The Foreign Service Journal, November 2019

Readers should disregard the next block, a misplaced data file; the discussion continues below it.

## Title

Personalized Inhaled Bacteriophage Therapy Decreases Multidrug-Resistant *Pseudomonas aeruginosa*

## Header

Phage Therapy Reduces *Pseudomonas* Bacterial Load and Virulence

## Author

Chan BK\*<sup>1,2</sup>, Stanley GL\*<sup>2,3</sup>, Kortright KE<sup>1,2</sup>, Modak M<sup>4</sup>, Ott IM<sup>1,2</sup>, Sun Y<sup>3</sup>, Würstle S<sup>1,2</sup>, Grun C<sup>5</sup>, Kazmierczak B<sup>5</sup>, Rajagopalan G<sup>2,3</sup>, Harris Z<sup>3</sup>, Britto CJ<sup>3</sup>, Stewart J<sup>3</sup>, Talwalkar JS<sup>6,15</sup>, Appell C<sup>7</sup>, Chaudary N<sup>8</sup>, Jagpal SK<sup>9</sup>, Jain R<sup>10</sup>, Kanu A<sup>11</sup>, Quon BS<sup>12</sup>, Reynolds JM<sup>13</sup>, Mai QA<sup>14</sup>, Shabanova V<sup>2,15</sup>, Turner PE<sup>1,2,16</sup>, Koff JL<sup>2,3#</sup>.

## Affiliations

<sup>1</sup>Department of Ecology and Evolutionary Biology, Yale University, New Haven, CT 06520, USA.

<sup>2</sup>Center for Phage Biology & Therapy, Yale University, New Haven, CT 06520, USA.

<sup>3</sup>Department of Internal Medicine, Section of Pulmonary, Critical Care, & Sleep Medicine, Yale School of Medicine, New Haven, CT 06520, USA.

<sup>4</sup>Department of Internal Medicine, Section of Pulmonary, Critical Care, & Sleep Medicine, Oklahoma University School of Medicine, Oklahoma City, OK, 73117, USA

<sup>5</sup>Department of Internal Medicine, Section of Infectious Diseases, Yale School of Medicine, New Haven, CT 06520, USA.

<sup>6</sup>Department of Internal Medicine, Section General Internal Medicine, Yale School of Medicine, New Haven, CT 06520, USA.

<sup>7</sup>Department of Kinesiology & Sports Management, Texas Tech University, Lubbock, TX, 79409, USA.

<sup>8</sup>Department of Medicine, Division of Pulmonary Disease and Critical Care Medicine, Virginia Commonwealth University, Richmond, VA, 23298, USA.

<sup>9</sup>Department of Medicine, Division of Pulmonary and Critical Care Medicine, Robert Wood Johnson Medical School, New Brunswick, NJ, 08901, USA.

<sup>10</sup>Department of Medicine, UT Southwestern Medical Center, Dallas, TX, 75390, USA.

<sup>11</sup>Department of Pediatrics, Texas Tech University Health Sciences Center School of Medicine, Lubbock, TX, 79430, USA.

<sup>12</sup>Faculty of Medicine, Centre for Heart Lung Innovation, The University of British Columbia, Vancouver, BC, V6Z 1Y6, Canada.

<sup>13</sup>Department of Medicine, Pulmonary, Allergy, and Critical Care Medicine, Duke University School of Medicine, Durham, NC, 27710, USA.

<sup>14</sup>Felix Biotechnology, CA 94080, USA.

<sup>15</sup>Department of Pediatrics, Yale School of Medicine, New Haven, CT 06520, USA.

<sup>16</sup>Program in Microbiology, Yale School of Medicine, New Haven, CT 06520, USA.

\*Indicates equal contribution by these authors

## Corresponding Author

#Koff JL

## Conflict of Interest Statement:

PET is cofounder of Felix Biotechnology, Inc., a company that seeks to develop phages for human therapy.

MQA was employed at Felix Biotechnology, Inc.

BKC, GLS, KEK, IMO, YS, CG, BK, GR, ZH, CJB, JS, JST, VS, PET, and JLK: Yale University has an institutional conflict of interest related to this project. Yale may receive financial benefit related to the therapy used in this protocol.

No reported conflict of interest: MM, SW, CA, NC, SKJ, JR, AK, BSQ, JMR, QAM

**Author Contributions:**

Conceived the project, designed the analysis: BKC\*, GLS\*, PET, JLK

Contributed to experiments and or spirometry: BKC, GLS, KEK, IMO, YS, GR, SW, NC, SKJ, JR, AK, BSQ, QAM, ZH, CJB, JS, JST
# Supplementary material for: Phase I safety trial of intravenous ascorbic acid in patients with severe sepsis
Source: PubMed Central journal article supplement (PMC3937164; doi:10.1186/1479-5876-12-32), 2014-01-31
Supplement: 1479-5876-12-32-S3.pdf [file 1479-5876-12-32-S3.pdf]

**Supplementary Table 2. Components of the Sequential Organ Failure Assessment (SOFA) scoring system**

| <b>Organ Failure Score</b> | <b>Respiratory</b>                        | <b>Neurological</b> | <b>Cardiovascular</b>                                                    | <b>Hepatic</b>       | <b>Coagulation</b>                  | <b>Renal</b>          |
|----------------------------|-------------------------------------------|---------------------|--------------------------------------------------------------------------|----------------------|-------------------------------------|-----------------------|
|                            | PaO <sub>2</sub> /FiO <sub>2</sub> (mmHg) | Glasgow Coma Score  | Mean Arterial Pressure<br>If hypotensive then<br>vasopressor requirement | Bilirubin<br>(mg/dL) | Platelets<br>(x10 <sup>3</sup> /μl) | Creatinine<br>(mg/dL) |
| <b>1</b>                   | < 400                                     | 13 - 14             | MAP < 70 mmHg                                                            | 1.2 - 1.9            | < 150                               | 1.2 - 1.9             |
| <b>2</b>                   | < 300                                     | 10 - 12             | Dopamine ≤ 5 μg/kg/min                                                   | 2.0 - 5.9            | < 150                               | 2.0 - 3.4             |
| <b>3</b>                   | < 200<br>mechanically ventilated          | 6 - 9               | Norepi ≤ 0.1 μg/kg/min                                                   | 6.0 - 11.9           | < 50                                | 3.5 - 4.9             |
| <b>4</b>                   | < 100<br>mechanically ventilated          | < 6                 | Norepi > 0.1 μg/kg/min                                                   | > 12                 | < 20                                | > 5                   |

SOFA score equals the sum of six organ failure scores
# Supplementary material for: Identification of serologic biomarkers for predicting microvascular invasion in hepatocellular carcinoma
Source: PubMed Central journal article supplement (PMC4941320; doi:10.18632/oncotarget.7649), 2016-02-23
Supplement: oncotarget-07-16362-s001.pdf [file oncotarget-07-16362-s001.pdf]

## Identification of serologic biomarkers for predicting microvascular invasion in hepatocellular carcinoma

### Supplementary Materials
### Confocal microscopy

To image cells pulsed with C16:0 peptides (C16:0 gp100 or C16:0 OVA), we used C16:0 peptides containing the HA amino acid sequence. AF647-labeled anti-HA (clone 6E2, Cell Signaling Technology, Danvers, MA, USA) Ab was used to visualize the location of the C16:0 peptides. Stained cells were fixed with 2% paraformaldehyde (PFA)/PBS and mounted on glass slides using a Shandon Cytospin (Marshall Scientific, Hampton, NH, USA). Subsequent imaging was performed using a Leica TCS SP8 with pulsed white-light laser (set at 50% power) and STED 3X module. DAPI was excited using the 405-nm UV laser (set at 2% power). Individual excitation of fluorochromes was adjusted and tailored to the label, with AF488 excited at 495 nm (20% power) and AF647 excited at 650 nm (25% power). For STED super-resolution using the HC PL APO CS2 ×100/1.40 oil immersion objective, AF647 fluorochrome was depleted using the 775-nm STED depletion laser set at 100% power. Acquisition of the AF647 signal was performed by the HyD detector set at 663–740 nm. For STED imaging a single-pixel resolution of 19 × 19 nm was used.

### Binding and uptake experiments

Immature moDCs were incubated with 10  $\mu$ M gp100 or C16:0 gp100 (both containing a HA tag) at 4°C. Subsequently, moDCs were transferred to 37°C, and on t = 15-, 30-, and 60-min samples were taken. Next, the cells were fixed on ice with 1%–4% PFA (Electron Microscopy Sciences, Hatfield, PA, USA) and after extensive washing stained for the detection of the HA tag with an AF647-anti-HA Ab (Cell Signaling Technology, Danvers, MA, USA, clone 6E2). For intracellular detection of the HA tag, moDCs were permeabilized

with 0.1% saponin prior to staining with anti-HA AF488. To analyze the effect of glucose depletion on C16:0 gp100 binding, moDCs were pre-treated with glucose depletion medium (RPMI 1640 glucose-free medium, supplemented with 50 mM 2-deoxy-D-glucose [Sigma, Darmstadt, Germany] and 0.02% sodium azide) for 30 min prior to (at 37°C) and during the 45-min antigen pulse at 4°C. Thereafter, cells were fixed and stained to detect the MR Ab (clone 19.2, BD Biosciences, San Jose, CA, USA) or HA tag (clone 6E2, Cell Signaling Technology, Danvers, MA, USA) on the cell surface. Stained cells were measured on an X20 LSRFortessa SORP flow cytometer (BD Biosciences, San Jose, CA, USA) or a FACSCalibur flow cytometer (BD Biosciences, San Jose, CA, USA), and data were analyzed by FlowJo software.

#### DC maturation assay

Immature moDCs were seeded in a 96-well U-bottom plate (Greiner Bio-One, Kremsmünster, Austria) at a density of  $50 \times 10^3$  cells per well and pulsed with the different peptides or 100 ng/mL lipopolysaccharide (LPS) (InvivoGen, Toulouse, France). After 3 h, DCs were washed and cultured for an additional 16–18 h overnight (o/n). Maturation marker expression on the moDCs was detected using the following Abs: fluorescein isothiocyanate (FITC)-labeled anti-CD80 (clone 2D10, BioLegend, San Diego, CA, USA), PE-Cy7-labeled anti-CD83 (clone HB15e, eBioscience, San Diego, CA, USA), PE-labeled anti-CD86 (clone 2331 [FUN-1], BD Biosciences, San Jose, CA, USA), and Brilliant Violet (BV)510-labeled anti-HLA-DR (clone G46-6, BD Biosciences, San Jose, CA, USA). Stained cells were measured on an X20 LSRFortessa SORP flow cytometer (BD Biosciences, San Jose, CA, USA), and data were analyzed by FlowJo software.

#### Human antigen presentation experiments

42 NOVEMBER 2019 | THE FOREIGN SERVICE JOURNAL he simply returned with deutsche marks in hand to reimburse me for a visa fee I should not have paid as a diplomat. Things got funky when we arrived at Berlin’s train station and there was no sign of Matt, who had made all the arrange- ments for our visit. With no cell phone or way to reach him, we just waited anxiously until he came running, screaming: “They are tearing down the wall, they are tearing down the wall!” My immediate thought was that Matt must have been drinking. But, lo and behold, as we approached the Brandenburg Gate, you could hear the pounding of hammers against that hideous wall. Without much thought, two American diplomats joined the young West Berliners on top of the wall. The West Berlin- ers were taunting the East German guards, jumping onto the east side and then climbing back up on the wall as the guards, machine guns in hand, approached them. Thankfully, the East German guards did not fire as they had been prone to do previ- ously when East Berliners daringly tried to flee. I recall the lengthy lines at automatic cash dispensers as East Berliners collected the 100 DM they were entitled to upon arriving in the West. At border crossing points you could see Trabant car after Trabant car among crowds of people walk- ing into the West, many with joyful tears streaming down their cheeks. As we strolled the streets, we ran into perhaps the only German we knew, another Fletcherite. Overcome with emotion, he uncharacteristically hugged us. That is the kind of day it was. On Nov. 11, we had planned a dinner in East Berlin with our ambassador to East Germany, Dick Barkley, who had been a mentor to our A-100 class—the Fighting 44th! We called him to say we would understand if dinner was off, but he insisted we come over as his wife, Nina, was already preparing dinner. We crossed through Checkpoint Charlie, and as we looked at the endless stream of people crossing to the West, we worried howmy wife, then an Icelandic citizen, would get back to the West. After dinner Amb. Barkley had to excuse himself to appear on “Nightline” to discuss the dramatic events. We took that as our cue to leave. We sensed that the opening to the West would be permanent when we reached Checkpoint Charlie and saw that now the lines were of East Berliners returning to their homes, with virtu- ally no one crossing westward. That night, the stench of cheap champagne flowing through the streets of Berlin was the smell of freedom—and how sweet it was! I will admit to an uncomfortable moment when I returned to Copenhagen and shared my slides with the embassy com- munity. The deputy chief of mission stopped me at one of the slides—an unobstructed view of the Brandenburg Gate?!—and asked where the photo had been taken. I quickly moved to the next slide, not wanting to dwell on the imprudence of exuber- ant American diplomats risking an international incident by climbing on top of the wall in celebration. Michael Hammer was a first-tour Foreign Service officer in Copenhagen, on a vacation in West Berlin when the Berlin Wall fell. He is currently serving as U.S. ambassador to the Democratic Republic of the Congo. During the Cold War, a young West Berlin couple talks to relatives in an East Berlin apartment house (see upper window open). They have climbed to the top of the wall to have their brief conversation. GETTY IMAGES/BETTMANN